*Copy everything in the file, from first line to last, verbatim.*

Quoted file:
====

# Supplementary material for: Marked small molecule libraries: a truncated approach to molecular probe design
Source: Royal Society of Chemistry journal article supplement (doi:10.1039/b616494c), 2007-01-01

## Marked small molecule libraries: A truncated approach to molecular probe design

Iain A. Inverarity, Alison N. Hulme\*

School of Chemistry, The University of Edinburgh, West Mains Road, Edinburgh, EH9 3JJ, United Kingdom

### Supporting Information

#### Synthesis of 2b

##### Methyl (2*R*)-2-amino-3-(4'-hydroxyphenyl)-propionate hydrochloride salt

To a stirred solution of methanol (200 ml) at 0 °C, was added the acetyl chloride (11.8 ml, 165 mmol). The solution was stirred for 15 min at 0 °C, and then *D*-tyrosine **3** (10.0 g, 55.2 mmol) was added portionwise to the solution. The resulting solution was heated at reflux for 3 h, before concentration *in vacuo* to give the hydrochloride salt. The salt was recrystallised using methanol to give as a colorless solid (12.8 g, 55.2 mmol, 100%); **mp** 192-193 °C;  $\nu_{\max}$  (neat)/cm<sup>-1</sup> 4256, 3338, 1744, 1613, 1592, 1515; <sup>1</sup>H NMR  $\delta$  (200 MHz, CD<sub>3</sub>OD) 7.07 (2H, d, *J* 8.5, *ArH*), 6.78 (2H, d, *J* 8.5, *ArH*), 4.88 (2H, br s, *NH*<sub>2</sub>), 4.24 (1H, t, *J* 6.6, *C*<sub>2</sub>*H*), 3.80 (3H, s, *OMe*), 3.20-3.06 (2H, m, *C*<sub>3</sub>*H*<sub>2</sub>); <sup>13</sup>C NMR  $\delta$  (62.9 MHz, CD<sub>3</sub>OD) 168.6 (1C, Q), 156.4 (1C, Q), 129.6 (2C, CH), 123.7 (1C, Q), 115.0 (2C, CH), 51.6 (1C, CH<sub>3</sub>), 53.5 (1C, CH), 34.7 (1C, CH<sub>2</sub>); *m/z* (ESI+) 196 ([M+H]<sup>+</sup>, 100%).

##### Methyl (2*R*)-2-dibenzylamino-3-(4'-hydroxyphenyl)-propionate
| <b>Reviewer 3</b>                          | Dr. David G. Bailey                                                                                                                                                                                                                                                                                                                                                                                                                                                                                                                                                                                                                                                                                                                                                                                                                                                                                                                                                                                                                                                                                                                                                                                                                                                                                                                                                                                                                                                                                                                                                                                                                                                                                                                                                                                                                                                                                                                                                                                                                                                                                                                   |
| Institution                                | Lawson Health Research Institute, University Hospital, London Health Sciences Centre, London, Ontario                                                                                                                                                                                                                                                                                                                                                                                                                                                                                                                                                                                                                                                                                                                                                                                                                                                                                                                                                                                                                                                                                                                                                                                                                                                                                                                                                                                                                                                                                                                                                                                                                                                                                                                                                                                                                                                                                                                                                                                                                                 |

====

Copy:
# Supplementary material for: Marked small molecule libraries: a truncated approach to molecular probe design
Source: Royal Society of Chemistry journal article supplement (doi:10.1039/b616494c), 2007-01-01

## Marked small molecule libraries: A truncated approach to molecular probe design

Iain A. Inverarity, Alison N. Hulme\*

School of Chemistry, The University of Edinburgh, West Mains Road, Edinburgh, EH9 3JJ, United Kingdom

### Supporting Information

#### Synthesis of 2b

##### Methyl (2*R*)-2-amino-3-(4'-hydroxyphenyl)-propionate hydrochloride salt

To a stirred solution of methanol (200 ml) at 0 °C, was added the acetyl chloride (11.8 ml, 165 mmol). The solution was stirred for 15 min at 0 °C, and then *D*-tyrosine **3** (10.0 g, 55.2 mmol) was added portionwise to the solution. The resulting solution was heated at reflux for 3 h, before concentration *in vacuo* to give the hydrochloride salt. The salt was recrystallised using methanol to give as a colorless solid (12.8 g, 55.2 mmol, 100%); **mp** 192-193 °C;  $\nu_{\max}$  (neat)/cm<sup>-1</sup> 4256, 3338, 1744, 1613, 1592, 1515; <sup>1</sup>H NMR  $\delta$  (200 MHz, CD<sub>3</sub>OD) 7.07 (2H, d, *J* 8.5, *ArH*), 6.78 (2H, d, *J* 8.5, *ArH*), 4.88 (2H, br s, *NH*<sub>2</sub>), 4.24 (1H, t, *J* 6.6, *C*<sub>2</sub>*H*), 3.80 (3H, s, *OMe*), 3.20-3.06 (2H, m, *C*<sub>3</sub>*H*<sub>2</sub>); <sup>13</sup>C NMR  $\delta$  (62.9 MHz, CD<sub>3</sub>OD) 168.6 (1C, Q), 156.4 (1C, Q), 129.6 (2C, CH), 123.7 (1C, Q), 115.0 (2C, CH), 51.6 (1C, CH<sub>3</sub>), 53.5 (1C, CH), 34.7 (1C, CH<sub>2</sub>); *m/z* (ESI+) 196 ([M+H]<sup>+</sup>, 100%).

##### Methyl (2*R*)-2-dibenzylamino-3-(4'-hydroxyphenyl)-propionate
| <b>Reviewer 3</b>                          | Dr. David G. Bailey                                                                                                                                                                                                                                                                                                                                                                                                                                                                                                                                                                                                                                                                                                                                                                                                                                                                                                                                                                                                                                                                                                                                                                                                                                                                                                                                                                                                                                                                                                                                                                                                                                                                                                                                                                                                                                                                                                                                                                                                                                                                                                                   |
| Institution                                | Lawson Health Research Institute, University Hospital, London Health Sciences Centre, London, Ontario                                                                                                                                                                                                                                                                                                                                                                                                                                                                                                                                                                                                                                                                                                                                                                                                                                                                                                                                                                                                                                                                                                                                                                                                                                                                                                                                                                                                                                                                                                                                                                                                                                                                                                                                                                                                                                                                                                                                                                                                                                 |